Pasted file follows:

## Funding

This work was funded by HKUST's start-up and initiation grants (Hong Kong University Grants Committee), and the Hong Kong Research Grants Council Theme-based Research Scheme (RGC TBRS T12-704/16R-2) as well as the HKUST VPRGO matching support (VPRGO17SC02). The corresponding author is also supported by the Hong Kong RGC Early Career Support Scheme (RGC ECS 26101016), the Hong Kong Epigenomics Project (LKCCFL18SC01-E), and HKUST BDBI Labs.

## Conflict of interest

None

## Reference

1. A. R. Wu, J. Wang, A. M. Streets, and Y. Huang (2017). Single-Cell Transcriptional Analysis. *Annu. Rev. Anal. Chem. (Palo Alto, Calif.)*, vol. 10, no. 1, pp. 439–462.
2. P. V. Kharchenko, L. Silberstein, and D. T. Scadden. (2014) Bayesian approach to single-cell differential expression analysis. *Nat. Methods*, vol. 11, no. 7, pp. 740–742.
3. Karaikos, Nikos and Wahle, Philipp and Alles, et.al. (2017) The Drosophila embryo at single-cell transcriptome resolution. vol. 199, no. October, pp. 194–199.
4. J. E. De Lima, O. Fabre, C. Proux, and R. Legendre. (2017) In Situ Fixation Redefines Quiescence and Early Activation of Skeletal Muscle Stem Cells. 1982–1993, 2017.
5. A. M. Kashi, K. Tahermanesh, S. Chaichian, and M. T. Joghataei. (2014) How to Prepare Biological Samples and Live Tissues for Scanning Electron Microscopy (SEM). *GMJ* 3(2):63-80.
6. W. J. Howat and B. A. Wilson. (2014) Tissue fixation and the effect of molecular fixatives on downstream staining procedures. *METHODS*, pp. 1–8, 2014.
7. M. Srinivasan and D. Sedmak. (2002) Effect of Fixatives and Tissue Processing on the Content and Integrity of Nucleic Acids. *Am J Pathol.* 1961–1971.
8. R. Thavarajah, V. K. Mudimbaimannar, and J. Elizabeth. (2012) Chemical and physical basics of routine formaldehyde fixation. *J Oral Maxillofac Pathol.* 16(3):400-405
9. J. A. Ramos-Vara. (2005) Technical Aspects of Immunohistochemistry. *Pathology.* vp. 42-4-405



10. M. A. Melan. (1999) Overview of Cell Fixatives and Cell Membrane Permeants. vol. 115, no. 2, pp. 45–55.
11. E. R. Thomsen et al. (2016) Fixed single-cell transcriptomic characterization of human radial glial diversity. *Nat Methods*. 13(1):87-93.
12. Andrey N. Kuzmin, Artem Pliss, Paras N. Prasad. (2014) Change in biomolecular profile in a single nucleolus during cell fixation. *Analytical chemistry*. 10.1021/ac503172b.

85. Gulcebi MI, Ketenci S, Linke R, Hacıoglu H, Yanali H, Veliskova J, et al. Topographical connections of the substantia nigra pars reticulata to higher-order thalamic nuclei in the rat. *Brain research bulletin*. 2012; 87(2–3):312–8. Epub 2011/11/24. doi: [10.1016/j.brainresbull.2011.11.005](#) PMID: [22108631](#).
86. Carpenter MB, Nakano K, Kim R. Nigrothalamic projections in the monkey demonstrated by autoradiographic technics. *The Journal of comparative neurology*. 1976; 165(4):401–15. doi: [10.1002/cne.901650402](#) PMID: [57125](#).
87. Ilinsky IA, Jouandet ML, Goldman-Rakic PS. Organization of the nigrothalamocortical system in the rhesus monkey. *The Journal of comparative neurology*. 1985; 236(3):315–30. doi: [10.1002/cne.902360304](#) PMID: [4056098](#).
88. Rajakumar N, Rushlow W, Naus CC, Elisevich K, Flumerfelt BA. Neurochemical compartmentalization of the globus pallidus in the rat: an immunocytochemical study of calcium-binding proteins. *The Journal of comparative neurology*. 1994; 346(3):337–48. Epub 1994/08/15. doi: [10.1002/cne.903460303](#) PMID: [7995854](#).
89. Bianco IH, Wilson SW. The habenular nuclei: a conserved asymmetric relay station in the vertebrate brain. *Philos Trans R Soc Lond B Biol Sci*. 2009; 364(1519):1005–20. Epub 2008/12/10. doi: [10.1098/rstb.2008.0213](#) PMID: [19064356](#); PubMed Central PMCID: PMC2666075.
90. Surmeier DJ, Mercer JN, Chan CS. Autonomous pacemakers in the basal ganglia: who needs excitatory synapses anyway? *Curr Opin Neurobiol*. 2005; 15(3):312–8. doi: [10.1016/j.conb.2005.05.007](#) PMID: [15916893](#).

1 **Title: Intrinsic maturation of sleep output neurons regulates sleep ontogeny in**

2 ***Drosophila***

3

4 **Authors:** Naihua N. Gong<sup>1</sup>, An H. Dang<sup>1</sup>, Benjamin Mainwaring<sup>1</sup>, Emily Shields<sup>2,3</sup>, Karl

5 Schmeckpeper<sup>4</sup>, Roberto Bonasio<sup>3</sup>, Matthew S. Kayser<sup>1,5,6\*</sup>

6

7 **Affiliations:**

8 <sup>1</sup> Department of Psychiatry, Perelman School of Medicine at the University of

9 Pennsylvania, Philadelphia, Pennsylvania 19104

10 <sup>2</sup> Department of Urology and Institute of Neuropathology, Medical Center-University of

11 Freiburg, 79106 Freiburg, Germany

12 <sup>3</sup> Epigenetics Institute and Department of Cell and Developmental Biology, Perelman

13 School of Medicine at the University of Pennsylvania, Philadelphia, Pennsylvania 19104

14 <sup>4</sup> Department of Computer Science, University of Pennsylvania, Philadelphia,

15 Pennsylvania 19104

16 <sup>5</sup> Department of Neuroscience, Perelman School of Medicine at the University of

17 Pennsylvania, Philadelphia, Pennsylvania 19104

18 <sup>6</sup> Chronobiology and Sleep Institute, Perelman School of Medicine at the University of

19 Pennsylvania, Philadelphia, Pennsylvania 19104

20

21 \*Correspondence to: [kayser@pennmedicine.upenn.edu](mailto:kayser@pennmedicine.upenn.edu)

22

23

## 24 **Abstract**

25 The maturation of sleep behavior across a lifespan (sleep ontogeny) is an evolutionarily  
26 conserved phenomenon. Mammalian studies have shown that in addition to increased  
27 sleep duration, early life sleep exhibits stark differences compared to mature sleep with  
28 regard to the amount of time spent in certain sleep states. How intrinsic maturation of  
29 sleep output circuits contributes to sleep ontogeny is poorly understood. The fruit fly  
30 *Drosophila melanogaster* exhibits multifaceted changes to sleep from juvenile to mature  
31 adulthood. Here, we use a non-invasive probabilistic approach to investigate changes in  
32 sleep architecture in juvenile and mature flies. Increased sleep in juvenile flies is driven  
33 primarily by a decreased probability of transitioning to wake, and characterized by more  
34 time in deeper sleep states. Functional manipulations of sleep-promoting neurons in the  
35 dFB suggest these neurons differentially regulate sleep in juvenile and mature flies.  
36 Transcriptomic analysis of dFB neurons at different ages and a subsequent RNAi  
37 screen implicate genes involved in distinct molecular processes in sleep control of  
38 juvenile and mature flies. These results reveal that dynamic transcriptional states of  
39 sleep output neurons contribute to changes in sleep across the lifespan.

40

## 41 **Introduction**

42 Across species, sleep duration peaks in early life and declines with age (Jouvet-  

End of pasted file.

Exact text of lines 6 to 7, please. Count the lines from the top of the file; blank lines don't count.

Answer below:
1. A. R. Wu, J. Wang, A. M. Streets, and Y. Huang (2017). Single-Cell Transcriptional Analysis. *Annu. Rev. Anal. Chem. (Palo Alto, Calif.)*, vol. 10, no. 1, pp. 439–462.
2. P. V. Kharchenko, L. Silberstein, and D. T. Scadden. (2014) Bayesian approach to single-cell differential expression analysis. *Nat. Methods*, vol. 11, no. 7, pp. 740–742.